Intensive chemotherapy regimens and nonintensive treatment strategies in AML
Optimization of induction treatment in AML was the topic of the Joint Symposium organized together with the Korean Society of Hematology (KSH). In this session Professor Je-Hwan Lee (University of Ulsan, South Korea) discussed intensive chemotherapy regimens. Current intensive induction chemotherapy for AML is based on cytarabine and/or anthracyclines, and several studies have evaluated intensification of these regimens. In FLT3-mutated AML, high dose daunorubicin improved outcome. In this group combinations of intensive chemotherapy with FLT3 inhibitors are now being investigated. Chemotherapy may also be improved by using newer cytotoxic agents. Lee discussed clinical studies with two of these agents: CPX-351, a nano-scale liposomal formulation of cytarabine and daunorubicine; and gemtuzumab ozogamicine, an antibody-drug conjugate directed against CD33.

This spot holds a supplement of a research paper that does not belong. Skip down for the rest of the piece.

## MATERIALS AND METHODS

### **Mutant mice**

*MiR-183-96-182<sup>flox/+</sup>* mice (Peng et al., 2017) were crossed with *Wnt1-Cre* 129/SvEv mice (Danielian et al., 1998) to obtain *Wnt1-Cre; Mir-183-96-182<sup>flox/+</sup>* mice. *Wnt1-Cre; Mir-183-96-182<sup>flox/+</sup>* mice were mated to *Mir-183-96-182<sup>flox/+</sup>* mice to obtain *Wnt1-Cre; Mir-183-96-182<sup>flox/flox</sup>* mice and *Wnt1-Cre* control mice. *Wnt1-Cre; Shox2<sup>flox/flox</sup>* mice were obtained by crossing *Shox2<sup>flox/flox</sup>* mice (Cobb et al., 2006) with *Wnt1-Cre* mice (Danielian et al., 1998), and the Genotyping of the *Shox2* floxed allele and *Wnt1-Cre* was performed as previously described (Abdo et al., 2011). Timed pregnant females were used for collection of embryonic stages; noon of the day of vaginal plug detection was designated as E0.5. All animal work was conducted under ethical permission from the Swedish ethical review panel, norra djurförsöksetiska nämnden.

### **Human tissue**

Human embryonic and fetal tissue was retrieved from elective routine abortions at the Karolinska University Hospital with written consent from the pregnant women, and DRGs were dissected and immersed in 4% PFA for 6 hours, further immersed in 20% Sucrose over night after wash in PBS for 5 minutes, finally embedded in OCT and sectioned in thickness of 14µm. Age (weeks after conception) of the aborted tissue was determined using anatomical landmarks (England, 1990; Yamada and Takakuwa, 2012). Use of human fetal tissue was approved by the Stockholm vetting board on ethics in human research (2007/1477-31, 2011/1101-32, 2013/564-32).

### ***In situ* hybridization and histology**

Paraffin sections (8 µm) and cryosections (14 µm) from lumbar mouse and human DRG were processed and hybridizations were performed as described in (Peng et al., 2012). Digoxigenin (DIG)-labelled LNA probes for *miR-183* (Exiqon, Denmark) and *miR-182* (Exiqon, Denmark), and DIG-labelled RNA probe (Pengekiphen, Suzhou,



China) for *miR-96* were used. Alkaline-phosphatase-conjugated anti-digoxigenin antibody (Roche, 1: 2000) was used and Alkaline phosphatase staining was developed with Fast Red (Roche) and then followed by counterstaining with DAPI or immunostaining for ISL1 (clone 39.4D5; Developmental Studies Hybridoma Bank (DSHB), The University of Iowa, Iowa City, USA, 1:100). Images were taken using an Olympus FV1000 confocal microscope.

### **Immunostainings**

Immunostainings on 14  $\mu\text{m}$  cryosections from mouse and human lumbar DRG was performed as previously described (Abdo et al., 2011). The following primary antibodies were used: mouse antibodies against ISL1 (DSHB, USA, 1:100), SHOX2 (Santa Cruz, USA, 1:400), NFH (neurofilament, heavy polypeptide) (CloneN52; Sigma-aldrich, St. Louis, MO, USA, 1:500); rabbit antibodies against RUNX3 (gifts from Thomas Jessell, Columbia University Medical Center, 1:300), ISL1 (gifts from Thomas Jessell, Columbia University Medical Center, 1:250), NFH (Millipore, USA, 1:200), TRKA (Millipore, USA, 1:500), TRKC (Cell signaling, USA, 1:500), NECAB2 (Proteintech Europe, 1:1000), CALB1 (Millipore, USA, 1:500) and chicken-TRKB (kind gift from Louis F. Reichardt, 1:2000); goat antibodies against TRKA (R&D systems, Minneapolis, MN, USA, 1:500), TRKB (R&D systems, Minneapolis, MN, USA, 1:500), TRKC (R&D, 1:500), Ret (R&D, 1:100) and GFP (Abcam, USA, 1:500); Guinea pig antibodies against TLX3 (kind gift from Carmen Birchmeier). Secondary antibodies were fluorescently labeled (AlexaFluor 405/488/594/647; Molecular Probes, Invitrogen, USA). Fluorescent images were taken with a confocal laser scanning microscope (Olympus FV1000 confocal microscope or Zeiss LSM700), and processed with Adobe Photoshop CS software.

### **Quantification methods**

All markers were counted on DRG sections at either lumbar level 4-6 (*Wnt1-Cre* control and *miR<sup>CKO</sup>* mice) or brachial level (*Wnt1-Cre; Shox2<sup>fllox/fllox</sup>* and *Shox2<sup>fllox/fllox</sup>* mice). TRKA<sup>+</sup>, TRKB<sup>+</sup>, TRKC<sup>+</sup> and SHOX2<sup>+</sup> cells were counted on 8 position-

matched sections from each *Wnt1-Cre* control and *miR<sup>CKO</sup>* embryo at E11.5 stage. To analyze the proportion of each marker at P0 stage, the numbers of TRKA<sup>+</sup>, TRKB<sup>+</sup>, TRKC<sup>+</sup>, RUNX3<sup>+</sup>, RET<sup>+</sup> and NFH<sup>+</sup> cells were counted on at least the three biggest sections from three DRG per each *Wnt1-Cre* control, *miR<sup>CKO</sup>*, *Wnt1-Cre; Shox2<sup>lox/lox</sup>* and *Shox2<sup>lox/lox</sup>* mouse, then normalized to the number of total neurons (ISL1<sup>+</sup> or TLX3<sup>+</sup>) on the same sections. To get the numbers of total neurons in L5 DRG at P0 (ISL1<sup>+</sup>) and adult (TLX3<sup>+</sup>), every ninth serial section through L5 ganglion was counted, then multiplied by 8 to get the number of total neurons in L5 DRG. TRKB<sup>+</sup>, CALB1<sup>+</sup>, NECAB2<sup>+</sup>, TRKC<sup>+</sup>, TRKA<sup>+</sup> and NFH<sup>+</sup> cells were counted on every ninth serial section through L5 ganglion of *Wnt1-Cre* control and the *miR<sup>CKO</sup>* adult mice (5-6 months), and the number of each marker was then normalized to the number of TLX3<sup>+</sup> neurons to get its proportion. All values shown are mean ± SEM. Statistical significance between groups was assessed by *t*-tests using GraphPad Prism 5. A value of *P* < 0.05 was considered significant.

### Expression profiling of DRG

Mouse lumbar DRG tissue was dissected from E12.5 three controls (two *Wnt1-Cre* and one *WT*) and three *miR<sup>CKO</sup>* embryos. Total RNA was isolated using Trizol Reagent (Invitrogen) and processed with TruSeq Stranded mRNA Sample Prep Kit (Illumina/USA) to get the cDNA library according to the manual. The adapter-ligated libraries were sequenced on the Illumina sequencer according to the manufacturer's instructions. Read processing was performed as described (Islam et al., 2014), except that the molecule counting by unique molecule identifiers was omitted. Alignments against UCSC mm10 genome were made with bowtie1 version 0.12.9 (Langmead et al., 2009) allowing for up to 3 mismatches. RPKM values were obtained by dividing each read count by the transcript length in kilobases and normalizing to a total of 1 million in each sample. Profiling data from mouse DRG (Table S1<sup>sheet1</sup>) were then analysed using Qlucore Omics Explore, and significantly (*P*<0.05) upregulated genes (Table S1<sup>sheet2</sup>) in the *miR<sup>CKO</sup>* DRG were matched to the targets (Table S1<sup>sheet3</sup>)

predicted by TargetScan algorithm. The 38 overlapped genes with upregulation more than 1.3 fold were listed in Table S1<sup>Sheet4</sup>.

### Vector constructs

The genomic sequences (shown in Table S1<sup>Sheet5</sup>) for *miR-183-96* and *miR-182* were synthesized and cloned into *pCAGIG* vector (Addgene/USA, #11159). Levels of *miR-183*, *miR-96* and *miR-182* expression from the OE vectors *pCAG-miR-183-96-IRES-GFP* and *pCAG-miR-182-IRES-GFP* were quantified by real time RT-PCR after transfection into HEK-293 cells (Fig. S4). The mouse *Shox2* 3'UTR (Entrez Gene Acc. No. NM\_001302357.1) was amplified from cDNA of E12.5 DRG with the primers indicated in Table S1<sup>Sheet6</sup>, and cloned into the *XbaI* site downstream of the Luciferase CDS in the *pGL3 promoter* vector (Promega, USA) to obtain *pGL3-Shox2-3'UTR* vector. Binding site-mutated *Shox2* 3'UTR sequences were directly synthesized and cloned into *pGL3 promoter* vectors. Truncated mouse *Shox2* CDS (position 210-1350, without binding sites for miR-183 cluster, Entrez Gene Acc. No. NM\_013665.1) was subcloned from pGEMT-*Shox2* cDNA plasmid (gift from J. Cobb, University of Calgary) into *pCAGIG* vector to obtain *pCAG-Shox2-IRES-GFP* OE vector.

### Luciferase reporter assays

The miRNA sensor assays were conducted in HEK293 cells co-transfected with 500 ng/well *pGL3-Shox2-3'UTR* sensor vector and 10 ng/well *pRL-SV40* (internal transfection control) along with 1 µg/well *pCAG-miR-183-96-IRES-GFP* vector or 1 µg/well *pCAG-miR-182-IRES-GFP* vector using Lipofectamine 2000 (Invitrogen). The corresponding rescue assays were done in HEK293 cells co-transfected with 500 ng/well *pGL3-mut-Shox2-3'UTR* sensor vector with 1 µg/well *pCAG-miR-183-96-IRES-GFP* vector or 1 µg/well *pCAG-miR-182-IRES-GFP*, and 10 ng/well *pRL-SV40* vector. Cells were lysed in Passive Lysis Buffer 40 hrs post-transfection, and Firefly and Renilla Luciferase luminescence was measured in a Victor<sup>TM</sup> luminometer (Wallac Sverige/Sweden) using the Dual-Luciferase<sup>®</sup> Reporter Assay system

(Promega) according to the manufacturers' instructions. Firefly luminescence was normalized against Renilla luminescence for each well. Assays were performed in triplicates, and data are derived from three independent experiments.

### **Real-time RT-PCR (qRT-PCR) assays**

AML is a disease of the elderly, and many patients are ineligible for intensive chemotherapy. In the same Joint Symposium, Professor Gert Ossenkoppele (VU University Medical Center, Amsterdam, The Netherlands) addressed current and emergent nonintensive treatment strategies. Selection of patients for intensive chemotherapy requires a comprehensive approach, and should integrate comorbidities, physical and cognitive function, nutrition and social support. In addition to best supportive care, treatment options for unfit patients include epigenetic therapy with hypomethylating agents (decitabine, azacitidine) and non-intensive chemotherapy (low-dose cytarabine). Several recent studies aimed at improving these treatments evaluated the addition of targeted drugs, such as inhibitors of IDH1/2, BCL2, BTK, and HDAC.